The French love Royal?s glamour but dismiss foreign (especially American) infatuation with her. If elected, Royal will keep the country on its current course. Many French voters think that will lead to further economic decline and further alienation of the French middle class. Thus, when Sarkozy calls for reform, more and more voters listen. They notice, as well, that he seems to match up better as a president who could go toe-to-toe with other world leaders, including the American president. Guillaume Parmentier of the Center for American and Transatlantic Relations says, ?The election will be over whether people want painful change?Sarkozy?or the appearance of change with a woman?Royal.?

Royal was the frontrunner until she attempted to burnish her foreign policy credentials with visits to the Middle East, China and Canada. After a series of stumbles, including praising the Chinese system of justice for its speed and efficiency, Royal floundered and Sarkozy took a narrow but consistent lead. Royal was further damaged when her domestic partner?coincidentally the head of the Socialist Party that nominated her?said that the next government would have to raise taxes.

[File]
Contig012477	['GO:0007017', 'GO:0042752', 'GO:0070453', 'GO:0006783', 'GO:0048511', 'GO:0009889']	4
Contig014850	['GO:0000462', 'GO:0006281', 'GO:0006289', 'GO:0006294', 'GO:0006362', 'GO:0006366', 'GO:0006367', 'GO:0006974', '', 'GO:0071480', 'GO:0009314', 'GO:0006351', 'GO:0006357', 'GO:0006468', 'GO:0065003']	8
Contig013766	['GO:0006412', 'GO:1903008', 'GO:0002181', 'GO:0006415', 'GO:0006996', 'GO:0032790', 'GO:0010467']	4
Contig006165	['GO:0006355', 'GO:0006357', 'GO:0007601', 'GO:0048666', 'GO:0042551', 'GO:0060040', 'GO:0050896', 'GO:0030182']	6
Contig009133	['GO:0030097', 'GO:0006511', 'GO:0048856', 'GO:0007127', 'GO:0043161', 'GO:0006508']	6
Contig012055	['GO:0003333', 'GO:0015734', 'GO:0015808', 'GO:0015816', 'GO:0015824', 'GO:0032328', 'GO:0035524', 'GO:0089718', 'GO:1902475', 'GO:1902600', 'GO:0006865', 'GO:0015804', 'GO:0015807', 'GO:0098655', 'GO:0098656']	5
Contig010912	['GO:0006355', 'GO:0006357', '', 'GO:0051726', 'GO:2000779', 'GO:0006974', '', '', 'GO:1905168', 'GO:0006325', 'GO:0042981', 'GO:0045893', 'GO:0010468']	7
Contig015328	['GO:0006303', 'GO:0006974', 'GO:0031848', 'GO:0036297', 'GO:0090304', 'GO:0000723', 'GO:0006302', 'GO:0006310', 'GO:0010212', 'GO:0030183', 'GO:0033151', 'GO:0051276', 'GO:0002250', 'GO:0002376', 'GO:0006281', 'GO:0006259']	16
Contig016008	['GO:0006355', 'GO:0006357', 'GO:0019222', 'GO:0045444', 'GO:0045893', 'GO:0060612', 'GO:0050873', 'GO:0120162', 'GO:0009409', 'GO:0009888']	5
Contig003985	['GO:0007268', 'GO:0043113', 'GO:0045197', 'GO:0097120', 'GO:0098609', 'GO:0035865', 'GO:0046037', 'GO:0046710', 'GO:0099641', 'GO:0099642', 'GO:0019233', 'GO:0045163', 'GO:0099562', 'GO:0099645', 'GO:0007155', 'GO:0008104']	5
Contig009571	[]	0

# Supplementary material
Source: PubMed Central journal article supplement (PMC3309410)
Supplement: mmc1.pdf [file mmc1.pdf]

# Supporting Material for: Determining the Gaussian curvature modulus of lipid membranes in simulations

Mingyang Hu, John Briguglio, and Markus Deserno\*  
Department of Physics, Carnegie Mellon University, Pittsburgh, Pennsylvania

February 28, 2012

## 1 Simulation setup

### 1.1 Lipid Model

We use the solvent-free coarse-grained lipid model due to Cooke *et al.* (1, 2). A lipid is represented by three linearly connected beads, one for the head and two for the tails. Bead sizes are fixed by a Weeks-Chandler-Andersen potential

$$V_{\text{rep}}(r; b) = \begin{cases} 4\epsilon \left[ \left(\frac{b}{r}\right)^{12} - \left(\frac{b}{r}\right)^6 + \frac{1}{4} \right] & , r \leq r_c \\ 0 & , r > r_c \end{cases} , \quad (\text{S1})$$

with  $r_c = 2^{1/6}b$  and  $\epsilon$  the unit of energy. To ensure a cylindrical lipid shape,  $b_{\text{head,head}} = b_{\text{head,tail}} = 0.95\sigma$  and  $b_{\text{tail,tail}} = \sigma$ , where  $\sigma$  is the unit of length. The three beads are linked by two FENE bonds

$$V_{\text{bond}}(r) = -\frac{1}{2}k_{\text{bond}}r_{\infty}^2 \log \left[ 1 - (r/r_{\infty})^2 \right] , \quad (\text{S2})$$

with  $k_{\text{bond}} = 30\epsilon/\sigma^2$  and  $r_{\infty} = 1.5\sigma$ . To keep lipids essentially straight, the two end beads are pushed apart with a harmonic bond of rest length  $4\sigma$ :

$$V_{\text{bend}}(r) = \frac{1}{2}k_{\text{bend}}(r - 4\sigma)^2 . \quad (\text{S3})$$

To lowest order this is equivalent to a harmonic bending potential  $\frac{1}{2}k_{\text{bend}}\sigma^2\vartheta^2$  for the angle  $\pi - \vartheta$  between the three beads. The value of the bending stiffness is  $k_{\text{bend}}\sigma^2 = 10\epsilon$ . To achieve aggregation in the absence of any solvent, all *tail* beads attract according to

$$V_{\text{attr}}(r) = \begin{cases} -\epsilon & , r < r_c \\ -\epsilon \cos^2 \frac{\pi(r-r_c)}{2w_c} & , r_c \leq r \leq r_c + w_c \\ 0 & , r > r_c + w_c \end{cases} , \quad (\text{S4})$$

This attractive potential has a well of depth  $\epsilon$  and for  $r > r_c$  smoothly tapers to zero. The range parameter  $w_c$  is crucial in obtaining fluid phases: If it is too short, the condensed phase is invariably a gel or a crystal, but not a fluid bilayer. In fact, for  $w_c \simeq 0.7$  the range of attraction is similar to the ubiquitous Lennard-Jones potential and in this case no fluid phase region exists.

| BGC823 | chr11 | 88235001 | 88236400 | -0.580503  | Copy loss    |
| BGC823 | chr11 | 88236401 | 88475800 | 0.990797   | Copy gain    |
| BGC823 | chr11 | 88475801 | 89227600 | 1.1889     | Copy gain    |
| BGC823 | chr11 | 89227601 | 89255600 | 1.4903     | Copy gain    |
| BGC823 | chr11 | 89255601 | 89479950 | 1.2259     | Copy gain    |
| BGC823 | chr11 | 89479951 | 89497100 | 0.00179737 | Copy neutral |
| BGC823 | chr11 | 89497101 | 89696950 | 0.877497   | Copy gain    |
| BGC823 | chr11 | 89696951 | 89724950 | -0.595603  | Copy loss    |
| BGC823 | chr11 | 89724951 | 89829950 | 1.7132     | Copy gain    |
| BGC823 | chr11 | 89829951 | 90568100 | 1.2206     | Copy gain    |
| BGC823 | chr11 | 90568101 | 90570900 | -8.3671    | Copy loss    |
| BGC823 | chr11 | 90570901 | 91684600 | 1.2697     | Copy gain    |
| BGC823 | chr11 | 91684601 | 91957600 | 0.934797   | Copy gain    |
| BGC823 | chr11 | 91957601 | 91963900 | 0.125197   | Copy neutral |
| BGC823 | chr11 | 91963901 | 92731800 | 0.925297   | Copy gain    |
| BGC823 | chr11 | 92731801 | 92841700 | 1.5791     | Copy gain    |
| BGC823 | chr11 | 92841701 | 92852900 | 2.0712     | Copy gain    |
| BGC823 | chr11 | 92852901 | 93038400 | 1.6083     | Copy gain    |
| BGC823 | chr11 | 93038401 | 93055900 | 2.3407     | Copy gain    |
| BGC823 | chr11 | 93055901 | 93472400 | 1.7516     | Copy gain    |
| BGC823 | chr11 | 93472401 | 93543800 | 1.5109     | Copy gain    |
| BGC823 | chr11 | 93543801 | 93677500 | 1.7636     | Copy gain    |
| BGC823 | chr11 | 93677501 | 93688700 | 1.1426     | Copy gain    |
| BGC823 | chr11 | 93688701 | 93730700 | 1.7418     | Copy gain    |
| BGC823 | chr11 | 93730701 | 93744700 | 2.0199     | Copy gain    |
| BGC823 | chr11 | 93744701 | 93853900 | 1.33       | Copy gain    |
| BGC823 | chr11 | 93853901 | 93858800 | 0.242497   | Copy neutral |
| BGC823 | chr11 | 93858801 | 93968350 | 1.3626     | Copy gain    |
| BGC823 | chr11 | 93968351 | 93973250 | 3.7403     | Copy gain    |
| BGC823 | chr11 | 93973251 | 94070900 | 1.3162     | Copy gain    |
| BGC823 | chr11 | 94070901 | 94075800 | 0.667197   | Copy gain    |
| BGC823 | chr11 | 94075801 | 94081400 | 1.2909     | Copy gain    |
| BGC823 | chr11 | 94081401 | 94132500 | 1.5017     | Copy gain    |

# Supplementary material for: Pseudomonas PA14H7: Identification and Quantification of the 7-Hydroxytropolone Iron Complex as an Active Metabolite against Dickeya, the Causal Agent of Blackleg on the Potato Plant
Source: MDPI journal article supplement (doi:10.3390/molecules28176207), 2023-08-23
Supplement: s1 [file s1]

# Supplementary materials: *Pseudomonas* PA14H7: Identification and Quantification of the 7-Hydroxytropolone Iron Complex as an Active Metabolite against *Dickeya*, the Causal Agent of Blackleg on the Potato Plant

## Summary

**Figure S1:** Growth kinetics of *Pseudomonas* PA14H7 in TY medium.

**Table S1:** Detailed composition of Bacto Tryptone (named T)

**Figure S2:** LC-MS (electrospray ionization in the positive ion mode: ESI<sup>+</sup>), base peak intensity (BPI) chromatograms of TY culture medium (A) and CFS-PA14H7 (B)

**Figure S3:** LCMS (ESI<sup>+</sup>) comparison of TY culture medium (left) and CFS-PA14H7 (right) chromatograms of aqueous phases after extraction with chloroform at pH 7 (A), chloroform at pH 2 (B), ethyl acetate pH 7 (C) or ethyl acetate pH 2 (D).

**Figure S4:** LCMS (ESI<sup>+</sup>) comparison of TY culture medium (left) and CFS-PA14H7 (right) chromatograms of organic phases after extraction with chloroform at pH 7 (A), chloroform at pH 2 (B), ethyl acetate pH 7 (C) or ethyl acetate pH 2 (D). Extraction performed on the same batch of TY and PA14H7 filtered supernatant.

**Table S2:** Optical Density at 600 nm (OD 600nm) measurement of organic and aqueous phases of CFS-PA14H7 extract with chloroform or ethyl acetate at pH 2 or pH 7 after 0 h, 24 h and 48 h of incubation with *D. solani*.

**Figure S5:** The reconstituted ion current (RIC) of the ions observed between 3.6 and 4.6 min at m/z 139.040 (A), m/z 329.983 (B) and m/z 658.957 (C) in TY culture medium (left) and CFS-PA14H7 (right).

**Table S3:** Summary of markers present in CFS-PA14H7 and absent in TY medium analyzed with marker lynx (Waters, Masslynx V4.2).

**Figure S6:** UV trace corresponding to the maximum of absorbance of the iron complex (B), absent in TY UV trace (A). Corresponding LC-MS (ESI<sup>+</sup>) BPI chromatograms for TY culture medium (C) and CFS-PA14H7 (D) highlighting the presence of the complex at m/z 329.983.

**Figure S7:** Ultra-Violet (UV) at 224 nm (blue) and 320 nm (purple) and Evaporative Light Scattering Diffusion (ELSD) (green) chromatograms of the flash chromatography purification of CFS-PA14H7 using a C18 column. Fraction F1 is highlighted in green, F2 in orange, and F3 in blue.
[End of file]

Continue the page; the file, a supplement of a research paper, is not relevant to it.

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Royal was attacked for her own missteps and the unwise outspokenness of her partner. She had hoped to avoid any discussion of whether new taxes would be needed. She had to respond and she responded by veering to the left to placate her Socialist base.

For his part, Sarkozy has blundered but seems unhurt by his blunders. He has been hurt more by rumors and leaks from members of his own party, probably directed by Dominique de Villepin, the current prime minister. De Villepin wanted to have the nomination that Sarkozy secured but fell from voters? favor by inept handling of the student strike last year.

Bayrou: Another way